Supplement  |   December 2007
Comparison of Audiometric Screening Criteria for the Identification of Noise-Induced Hearing Loss in Adolescents
Author Affiliations & Notes
  • Deanna K. Meinke
    University of Northern Colorado, Greeley
  • Noel Dice
    Peakview Medical Center, Greeley, CO
  • Contact author: Deanna Meinke, University of Northern Colorado, Audiology & Speech-Language Sciences, Campus Box 140, Greeley, CO 80639. E-mail: deanna.meinke@unco.edu.
Hearing Disorders / Special Populations / Early Identification & Intervention / Supplement
Supplement   |   December 2007
Comparison of Audiometric Screening Criteria for the Identification of Noise-Induced Hearing Loss in Adolescents
American Journal of Audiology December 2007, Vol.16, S190-S202. doi:10.1044/1059-0889(2007/023)
History: Accepted 02 Apr 2007 , Received 26 Nov 2006
American Journal of Audiology December 2007, Vol.16, S190-S202. doi:10.1044/1059-0889(2007/023)
History: Accepted 02 Apr 2007 , Received 26 Nov 2006

Purpose: To ascertain whether current pure-tone school hearing screening criteria used across the United States are adequate for the early identification of noise-induced hearing loss (NIHL) in adolescents.

Method: School-based pure-tone hearing screening protocols were collected, reviewed, and consolidated from 46 state agencies. A retrospective categorical analysis of air-conduction audiometric thresholds from a computerized database of 9th-grade (n = 376) and 12th-grade (n = 265) students from a suburban high school was conducted. The database analysis was designed to determine whether each screening protocol would identify high-frequency notched audiometric configurations suggestive of NIHL when using the noise notch criteria described by A. S. Niskar et al. (2001) .

Results: All of the school-based hearing screening criteria identified significantly (p ≤ .05) fewer students with a high-frequency notch (HFN) than the noise notch protocol regardless of screening decibel level specified. Over half of the school-based hearing screening protocols used in the United States will identify only 22% of the students with an HFN and consequently would fail to detect a potential NIHL.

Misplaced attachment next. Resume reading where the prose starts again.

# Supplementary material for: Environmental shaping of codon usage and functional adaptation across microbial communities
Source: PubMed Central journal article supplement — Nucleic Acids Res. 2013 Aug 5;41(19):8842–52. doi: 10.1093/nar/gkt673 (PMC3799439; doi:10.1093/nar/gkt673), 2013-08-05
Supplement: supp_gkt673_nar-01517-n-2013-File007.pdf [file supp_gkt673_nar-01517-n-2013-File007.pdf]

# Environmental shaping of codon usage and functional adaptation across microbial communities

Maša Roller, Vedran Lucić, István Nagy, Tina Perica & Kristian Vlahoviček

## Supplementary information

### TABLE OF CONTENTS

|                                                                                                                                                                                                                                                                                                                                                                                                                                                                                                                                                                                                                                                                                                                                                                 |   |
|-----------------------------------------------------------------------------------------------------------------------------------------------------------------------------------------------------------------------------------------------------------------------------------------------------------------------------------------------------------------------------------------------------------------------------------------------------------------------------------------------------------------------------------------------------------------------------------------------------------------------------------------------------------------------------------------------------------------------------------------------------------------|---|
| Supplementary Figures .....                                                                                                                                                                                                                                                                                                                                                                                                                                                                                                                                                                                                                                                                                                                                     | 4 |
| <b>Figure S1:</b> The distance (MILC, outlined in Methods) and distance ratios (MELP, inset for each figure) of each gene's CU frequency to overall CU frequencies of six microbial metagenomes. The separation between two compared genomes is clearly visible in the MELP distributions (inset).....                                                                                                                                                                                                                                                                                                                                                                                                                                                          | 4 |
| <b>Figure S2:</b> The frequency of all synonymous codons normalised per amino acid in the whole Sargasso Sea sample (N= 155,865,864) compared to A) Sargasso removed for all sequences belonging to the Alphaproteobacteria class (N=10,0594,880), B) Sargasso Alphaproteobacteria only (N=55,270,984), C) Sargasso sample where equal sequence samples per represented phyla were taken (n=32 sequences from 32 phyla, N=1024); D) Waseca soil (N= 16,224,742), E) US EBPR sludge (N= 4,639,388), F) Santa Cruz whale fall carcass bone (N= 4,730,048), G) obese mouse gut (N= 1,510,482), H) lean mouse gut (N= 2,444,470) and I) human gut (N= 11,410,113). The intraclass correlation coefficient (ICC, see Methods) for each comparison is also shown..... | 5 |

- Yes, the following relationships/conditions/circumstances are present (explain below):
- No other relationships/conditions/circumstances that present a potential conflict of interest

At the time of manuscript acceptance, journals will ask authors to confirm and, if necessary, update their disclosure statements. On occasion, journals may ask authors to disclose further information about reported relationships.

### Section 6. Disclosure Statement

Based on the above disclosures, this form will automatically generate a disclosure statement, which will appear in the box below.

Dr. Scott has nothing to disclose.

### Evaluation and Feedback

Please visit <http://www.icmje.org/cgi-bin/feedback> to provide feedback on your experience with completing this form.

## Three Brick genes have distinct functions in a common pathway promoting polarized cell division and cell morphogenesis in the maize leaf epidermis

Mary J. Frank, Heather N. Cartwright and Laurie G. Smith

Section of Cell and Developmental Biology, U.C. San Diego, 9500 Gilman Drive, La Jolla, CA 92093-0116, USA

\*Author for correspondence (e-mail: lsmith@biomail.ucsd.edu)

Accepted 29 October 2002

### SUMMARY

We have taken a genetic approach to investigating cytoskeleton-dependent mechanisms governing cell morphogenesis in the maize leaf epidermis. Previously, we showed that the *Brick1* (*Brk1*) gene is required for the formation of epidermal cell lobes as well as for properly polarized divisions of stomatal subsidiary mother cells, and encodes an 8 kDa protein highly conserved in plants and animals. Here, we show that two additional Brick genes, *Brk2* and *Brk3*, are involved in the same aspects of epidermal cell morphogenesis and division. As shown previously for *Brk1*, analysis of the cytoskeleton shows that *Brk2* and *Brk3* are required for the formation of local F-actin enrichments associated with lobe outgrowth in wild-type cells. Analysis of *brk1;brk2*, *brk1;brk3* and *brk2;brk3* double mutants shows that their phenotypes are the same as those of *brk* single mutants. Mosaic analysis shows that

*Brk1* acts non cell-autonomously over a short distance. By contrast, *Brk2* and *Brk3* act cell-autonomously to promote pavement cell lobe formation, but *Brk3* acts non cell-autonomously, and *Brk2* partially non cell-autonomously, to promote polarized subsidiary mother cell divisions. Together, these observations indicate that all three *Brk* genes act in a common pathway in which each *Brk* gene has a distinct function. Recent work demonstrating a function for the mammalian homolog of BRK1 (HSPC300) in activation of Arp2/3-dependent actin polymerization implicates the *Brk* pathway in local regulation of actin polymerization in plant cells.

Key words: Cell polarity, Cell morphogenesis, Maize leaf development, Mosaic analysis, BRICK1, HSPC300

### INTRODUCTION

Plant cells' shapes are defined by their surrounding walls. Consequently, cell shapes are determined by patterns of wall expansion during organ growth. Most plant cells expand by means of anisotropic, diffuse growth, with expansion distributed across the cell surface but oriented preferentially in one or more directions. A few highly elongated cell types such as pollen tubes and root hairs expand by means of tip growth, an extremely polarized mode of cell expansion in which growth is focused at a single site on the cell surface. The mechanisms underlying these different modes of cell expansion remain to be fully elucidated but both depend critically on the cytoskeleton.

Conclusions: Currently implemented school-based hearing screening guidelines are nonstandardized and inadequate for the early identification of NIHL. This denies the majority of students the opportunity to receive early intervention and to prevent further progression of NIHL. It is necessary to identify, standardize, and implement effective and efficient screening or monitoring programs for the early detection and prevention of NIHL in adolescents.

Order a Subscription
Pay Per View
Entire American Journal of Audiology content & archive
24-hour access
This Article
24-hour access

Related Articles

Coordinator’s Column
SIG 14 Perspectives on Communication Disorders and Sciences in Culturally and Linguistically Diverse (CLD) Populations October 2011, Vol.18, 55-56. doi:10.1044/cds18.3.55
Remote Hearing Screenings via Telehealth in a Rural Elementary School
American Journal of Audiology December 2008, Vol.17, 114-122. doi:10.1044/1059-0889(2008/07-0008)
Coordinator’s Column
Perspectives on Audiology May 2009, Vol.5, 2. doi:10.1044/poa5.1.2
Coordinator’s Column
SIG 7 Perspectives on Aural Rehabilitation and Its Instrumentation October 2010, Vol.17, 2-3. doi:10.1044/arii17.1.2
Submit to LSHSS
Language, Speech, and Hearing Services in Schools December 2013, Vol., 1. doi: